FIRPTA protects the U.S. tax base by ensuring that foreign nationals pay their fair share of taxes on the sale of real estate.
However, FIRPTA withholding can create problems for buyers who are unaware of the regulations. In some cases, buyers have been unable to obtain financing because their loan amount was reduced by the FIRPTA withholding.
As a result, it is important for potential buyers to be aware of FIRPTA regulations before they enter into a contract to purchase real estate.
Tips for Filing FIRPTA
If you are planning to sell property in the United States, it is important to be familiar with FIRPTA and comply with its requirements.
One of the most important things to keep in mind is that you must file FIRPTA paperwork on time. If you miss the deadline, you may be subject to penalties.
Similarly, it is important to use a specialized tax specialist when filing FIRPTA paperwork. This will ensure that all of the required information is included and that your taxes are calculated correctly.
Finally, it is always a good idea to plan ahead when selling US real estate. By understanding FIRPTA requirements and preparing in advance, you can help ensure a smooth and successful transaction.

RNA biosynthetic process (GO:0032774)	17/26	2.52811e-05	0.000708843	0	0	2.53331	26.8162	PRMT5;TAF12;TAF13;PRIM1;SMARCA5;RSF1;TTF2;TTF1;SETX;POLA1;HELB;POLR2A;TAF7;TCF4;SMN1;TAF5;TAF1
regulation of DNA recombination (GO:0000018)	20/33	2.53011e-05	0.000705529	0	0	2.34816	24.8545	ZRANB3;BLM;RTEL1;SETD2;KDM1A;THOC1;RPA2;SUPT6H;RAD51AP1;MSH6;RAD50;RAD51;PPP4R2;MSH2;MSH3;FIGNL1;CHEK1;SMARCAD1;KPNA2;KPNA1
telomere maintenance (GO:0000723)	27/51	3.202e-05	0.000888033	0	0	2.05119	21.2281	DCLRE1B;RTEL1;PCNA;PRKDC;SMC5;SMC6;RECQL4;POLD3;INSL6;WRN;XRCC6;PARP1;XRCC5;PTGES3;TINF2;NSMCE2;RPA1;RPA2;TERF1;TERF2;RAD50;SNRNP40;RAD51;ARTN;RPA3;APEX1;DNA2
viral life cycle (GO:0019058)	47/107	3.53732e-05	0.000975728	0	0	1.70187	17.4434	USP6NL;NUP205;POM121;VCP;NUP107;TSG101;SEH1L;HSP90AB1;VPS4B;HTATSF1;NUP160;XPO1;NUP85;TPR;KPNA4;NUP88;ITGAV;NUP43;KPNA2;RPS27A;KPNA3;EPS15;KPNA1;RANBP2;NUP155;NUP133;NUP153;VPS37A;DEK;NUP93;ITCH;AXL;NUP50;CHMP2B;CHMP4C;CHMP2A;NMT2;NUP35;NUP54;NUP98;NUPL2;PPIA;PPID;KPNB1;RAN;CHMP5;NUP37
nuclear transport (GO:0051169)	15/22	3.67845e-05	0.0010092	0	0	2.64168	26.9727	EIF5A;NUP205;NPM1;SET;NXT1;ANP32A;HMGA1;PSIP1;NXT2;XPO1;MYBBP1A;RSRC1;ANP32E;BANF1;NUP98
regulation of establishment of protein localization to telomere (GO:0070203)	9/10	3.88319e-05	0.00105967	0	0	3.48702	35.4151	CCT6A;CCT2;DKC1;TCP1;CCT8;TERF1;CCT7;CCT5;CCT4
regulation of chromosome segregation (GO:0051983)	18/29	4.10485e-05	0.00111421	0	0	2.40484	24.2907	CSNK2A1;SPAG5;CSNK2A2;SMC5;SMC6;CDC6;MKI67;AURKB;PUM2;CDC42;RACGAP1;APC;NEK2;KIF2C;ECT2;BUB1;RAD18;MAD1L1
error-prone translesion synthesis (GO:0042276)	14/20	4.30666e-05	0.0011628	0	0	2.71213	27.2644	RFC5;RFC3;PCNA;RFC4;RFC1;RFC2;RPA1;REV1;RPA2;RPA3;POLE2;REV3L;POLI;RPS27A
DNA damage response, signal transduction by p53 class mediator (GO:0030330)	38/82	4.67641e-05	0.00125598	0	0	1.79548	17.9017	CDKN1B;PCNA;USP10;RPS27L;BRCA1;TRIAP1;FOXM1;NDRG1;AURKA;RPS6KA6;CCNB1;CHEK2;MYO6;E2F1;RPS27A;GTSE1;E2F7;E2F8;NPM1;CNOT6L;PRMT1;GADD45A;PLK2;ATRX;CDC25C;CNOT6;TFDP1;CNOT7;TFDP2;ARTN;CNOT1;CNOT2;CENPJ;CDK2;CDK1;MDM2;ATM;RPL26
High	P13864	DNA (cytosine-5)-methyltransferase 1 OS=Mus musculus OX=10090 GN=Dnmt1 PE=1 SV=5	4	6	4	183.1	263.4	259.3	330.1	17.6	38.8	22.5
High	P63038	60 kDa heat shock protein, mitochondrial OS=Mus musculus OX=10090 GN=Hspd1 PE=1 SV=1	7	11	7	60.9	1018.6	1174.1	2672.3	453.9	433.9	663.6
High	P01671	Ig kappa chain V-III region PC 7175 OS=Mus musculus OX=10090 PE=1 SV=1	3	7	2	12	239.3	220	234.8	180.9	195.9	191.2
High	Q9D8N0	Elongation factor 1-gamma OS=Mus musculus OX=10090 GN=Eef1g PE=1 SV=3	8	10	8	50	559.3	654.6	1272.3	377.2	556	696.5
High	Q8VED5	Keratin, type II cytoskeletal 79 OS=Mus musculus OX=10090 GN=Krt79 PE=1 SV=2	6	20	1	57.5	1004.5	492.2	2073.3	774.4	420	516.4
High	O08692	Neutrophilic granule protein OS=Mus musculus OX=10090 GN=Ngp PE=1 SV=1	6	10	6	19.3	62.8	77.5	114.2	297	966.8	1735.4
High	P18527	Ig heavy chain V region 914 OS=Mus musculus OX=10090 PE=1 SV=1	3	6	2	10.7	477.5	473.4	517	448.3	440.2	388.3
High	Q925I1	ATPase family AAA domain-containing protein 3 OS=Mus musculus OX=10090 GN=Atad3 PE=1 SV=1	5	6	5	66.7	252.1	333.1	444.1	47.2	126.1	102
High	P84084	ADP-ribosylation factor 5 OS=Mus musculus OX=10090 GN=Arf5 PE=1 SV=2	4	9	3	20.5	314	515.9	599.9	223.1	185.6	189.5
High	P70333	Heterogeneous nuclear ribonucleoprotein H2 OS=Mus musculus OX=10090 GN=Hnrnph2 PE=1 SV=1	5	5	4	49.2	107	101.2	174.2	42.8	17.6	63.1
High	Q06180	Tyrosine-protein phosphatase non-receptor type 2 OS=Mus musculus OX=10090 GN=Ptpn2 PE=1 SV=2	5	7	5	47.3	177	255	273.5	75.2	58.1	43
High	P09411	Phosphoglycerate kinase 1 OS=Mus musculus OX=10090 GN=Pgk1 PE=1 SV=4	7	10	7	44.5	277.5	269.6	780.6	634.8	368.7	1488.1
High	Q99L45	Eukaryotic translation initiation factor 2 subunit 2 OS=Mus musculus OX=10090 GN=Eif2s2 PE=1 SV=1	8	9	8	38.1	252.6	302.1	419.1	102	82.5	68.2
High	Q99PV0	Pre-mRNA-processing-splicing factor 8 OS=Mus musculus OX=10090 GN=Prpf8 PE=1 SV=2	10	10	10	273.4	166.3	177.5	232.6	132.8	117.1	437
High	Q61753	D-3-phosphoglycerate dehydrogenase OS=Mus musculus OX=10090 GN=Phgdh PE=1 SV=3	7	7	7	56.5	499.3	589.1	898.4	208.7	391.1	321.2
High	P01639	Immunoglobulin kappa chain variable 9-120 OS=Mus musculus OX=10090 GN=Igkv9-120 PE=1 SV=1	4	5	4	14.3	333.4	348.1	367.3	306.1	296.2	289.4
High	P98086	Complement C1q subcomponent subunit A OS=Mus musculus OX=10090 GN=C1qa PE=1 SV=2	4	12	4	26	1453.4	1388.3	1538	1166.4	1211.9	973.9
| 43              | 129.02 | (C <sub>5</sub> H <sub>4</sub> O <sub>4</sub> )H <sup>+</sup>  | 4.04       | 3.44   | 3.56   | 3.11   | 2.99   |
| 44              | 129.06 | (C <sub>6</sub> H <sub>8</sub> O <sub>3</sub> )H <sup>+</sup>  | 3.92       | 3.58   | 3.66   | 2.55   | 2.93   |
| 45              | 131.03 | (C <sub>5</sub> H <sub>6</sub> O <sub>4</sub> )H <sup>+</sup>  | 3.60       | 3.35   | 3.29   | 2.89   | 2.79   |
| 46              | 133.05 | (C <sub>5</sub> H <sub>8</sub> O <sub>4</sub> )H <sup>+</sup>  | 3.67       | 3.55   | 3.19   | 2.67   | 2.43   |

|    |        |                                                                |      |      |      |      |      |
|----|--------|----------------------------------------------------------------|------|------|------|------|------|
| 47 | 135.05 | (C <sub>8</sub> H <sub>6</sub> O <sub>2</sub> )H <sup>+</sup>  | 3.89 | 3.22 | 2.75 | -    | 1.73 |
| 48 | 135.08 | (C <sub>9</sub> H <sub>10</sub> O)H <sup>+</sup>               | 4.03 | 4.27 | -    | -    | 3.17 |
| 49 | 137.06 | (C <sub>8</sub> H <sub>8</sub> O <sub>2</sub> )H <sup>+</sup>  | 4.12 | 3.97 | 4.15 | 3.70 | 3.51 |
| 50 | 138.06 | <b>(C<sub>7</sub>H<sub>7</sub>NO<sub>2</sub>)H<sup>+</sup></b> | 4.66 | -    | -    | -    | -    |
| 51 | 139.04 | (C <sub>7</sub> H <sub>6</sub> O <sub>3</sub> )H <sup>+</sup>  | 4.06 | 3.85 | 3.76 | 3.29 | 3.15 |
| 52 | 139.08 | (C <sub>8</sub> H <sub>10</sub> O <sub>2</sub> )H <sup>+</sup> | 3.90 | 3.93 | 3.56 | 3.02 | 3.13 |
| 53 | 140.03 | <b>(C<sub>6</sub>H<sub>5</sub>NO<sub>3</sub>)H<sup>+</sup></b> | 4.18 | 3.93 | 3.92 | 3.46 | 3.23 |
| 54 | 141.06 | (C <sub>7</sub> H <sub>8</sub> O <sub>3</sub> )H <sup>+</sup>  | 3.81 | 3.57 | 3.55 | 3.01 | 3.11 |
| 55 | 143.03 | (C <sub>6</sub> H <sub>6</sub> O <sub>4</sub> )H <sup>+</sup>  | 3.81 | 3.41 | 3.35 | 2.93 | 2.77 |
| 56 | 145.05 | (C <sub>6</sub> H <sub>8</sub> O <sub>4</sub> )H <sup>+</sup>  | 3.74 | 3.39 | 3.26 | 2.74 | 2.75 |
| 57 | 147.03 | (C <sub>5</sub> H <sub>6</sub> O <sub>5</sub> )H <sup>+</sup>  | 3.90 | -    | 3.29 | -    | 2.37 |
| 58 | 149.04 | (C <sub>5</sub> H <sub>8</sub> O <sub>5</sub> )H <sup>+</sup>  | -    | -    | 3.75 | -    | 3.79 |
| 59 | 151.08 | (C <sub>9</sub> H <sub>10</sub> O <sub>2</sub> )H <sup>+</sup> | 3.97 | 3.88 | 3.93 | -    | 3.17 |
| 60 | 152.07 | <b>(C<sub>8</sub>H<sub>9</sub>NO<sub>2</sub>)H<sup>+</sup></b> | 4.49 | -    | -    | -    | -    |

International Tax Consultants: Understanding FIRPTA
FIRPTA is a complex tax law, and it can be difficult to know where to turn for help. However, by working with a qualified tax consultant, you can ensure that you complete your FIRPTA filings correctly and in a timely manner
A good tax consultant will have experience with FIRPTA and will be able to answer any questions you may have. In addition, a tax consultant can help you to take advantage of any deductions or credits.
By getting the right help, you can make sure that your FIRPTA filings are handled correctly and avoid any penalties or interest charges.
Why Choose International Tax Consultants?
When it comes to complex tax laws like FIRPTA, it is important to work with a qualified professional. International Tax Consultants has years of experience helping clients comply with FIRPTA and other international tax laws.
We are familiar with the latest changes to the law and can help you take advantage of any deductions or credits. In addition, we can help you file your FIRPTA paperwork in a timely and accurate manner.
If you are selling or buying US real estate, we can help.
Get Started With this FIRPTA Guide
What is FIRPTA? There is a lot to know. However, by working with a qualified tax consultant, you can ensure that your filings are completed correctly and in a timely manner.
Get in touch with us today to learn more about how we can help you with FIRPTA.